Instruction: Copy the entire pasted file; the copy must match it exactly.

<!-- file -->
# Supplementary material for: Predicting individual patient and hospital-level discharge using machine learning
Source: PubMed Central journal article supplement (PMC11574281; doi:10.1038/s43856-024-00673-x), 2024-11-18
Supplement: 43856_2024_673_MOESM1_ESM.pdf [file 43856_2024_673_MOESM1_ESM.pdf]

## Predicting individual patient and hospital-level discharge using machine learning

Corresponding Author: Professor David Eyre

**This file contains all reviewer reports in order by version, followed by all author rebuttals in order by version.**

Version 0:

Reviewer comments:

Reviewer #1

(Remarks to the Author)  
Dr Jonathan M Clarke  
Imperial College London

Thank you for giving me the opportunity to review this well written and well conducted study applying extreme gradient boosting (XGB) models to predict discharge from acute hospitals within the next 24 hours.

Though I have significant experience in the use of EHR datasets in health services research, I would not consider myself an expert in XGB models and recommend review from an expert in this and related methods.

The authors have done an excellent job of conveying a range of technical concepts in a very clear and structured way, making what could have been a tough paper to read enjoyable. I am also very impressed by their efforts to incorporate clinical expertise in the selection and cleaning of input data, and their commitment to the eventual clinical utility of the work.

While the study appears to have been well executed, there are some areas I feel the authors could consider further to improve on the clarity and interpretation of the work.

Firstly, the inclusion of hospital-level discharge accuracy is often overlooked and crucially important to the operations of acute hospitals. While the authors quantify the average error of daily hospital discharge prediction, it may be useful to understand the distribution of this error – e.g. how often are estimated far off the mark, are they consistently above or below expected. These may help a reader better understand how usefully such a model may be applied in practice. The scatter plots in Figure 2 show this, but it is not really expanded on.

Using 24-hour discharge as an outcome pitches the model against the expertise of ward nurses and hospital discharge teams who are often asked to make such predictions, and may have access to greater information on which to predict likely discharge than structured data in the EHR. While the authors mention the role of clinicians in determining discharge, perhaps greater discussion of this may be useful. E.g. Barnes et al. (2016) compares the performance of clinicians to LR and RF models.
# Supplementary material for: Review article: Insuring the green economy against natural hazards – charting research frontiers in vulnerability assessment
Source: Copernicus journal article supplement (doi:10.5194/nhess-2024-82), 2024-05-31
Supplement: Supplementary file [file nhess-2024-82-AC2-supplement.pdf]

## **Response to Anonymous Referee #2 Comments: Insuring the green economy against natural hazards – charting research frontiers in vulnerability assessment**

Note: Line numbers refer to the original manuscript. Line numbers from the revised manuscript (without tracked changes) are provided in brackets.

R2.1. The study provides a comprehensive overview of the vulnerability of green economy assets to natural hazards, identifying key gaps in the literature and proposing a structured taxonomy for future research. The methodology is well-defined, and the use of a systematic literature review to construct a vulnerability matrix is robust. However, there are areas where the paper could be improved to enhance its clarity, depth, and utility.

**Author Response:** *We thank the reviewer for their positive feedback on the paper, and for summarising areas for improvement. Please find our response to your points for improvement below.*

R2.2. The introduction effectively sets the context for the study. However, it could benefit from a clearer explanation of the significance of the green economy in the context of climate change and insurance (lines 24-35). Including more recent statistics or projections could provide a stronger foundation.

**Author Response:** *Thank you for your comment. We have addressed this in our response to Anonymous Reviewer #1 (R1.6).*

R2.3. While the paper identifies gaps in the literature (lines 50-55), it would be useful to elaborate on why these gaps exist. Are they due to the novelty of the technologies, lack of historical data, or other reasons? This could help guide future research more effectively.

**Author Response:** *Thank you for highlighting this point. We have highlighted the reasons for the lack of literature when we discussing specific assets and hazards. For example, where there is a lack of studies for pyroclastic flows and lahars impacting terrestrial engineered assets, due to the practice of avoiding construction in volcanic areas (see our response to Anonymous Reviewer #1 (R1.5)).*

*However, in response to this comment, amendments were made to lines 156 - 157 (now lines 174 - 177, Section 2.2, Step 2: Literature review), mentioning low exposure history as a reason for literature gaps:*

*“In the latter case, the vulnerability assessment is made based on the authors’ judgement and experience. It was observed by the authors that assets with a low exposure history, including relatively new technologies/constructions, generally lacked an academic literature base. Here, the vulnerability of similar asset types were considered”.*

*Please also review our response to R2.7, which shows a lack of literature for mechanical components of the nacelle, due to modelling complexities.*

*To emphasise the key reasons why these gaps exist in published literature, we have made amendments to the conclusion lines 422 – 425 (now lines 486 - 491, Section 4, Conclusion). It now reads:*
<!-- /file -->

# Supplementary material for: Predicting individual patient and hospital-level discharge using machine learning
Source: PubMed Central journal article supplement (PMC11574281; doi:10.1038/s43856-024-00673-x), 2024-11-18
Supplement: 43856_2024_673_MOESM1_ESM.pdf [file 43856_2024_673_MOESM1_ESM.pdf]

## Predicting individual patient and hospital-level discharge using machine learning

Corresponding Author: Professor David Eyre

**This file contains all reviewer reports in order by version, followed by all author rebuttals in order by version.**

Version 0:

Reviewer comments:

Reviewer #1

(Remarks to the Author)  
Dr Jonathan M Clarke  
Imperial College London

Thank you for giving me the opportunity to review this well written and well conducted study applying extreme gradient boosting (XGB) models to predict discharge from acute hospitals within the next 24 hours.

Though I have significant experience in the use of EHR datasets in health services research, I would not consider myself an expert in XGB models and recommend review from an expert in this and related methods.

The authors have done an excellent job of conveying a range of technical concepts in a very clear and structured way, making what could have been a tough paper to read enjoyable. I am also very impressed by their efforts to incorporate clinical expertise in the selection and cleaning of input data, and their commitment to the eventual clinical utility of the work.

While the study appears to have been well executed, there are some areas I feel the authors could consider further to improve on the clarity and interpretation of the work.

Firstly, the inclusion of hospital-level discharge accuracy is often overlooked and crucially important to the operations of acute hospitals. While the authors quantify the average error of daily hospital discharge prediction, it may be useful to understand the distribution of this error – e.g. how often are estimated far off the mark, are they consistently above or below expected. These may help a reader better understand how usefully such a model may be applied in practice. The scatter plots in Figure 2 show this, but it is not really expanded on.

Using 24-hour discharge as an outcome pitches the model against the expertise of ward nurses and hospital discharge teams who are often asked to make such predictions, and may have access to greater information on which to predict likely discharge than structured data in the EHR. While the authors mention the role of clinicians in determining discharge, perhaps greater discussion of this may be useful. E.g. Barnes et al. (2016) compares the performance of clinicians to LR and RF models.
# Supplementary material for: Review article: Insuring the green economy against natural hazards – charting research frontiers in vulnerability assessment
Source: Copernicus journal article supplement (doi:10.5194/nhess-2024-82), 2024-05-31
Supplement: Supplementary file [file nhess-2024-82-AC2-supplement.pdf]

## **Response to Anonymous Referee #2 Comments: Insuring the green economy against natural hazards – charting research frontiers in vulnerability assessment**

Note: Line numbers refer to the original manuscript. Line numbers from the revised manuscript (without tracked changes) are provided in brackets.

R2.1. The study provides a comprehensive overview of the vulnerability of green economy assets to natural hazards, identifying key gaps in the literature and proposing a structured taxonomy for future research. The methodology is well-defined, and the use of a systematic literature review to construct a vulnerability matrix is robust. However, there are areas where the paper could be improved to enhance its clarity, depth, and utility.

**Author Response:** *We thank the reviewer for their positive feedback on the paper, and for summarising areas for improvement. Please find our response to your points for improvement below.*

R2.2. The introduction effectively sets the context for the study. However, it could benefit from a clearer explanation of the significance of the green economy in the context of climate change and insurance (lines 24-35). Including more recent statistics or projections could provide a stronger foundation.

**Author Response:** *Thank you for your comment. We have addressed this in our response to Anonymous Reviewer #1 (R1.6).*

R2.3. While the paper identifies gaps in the literature (lines 50-55), it would be useful to elaborate on why these gaps exist. Are they due to the novelty of the technologies, lack of historical data, or other reasons? This could help guide future research more effectively.

**Author Response:** *Thank you for highlighting this point. We have highlighted the reasons for the lack of literature when we discussing specific assets and hazards. For example, where there is a lack of studies for pyroclastic flows and lahars impacting terrestrial engineered assets, due to the practice of avoiding construction in volcanic areas (see our response to Anonymous Reviewer #1 (R1.5)).*

*However, in response to this comment, amendments were made to lines 156 - 157 (now lines 174 - 177, Section 2.2, Step 2: Literature review), mentioning low exposure history as a reason for literature gaps:*

*“In the latter case, the vulnerability assessment is made based on the authors’ judgement and experience. It was observed by the authors that assets with a low exposure history, including relatively new technologies/constructions, generally lacked an academic literature base. Here, the vulnerability of similar asset types were considered”.*

*Please also review our response to R2.7, which shows a lack of literature for mechanical components of the nacelle, due to modelling complexities.*

*To emphasise the key reasons why these gaps exist in published literature, we have made amendments to the conclusion lines 422 – 425 (now lines 486 - 491, Section 4, Conclusion). It now reads:*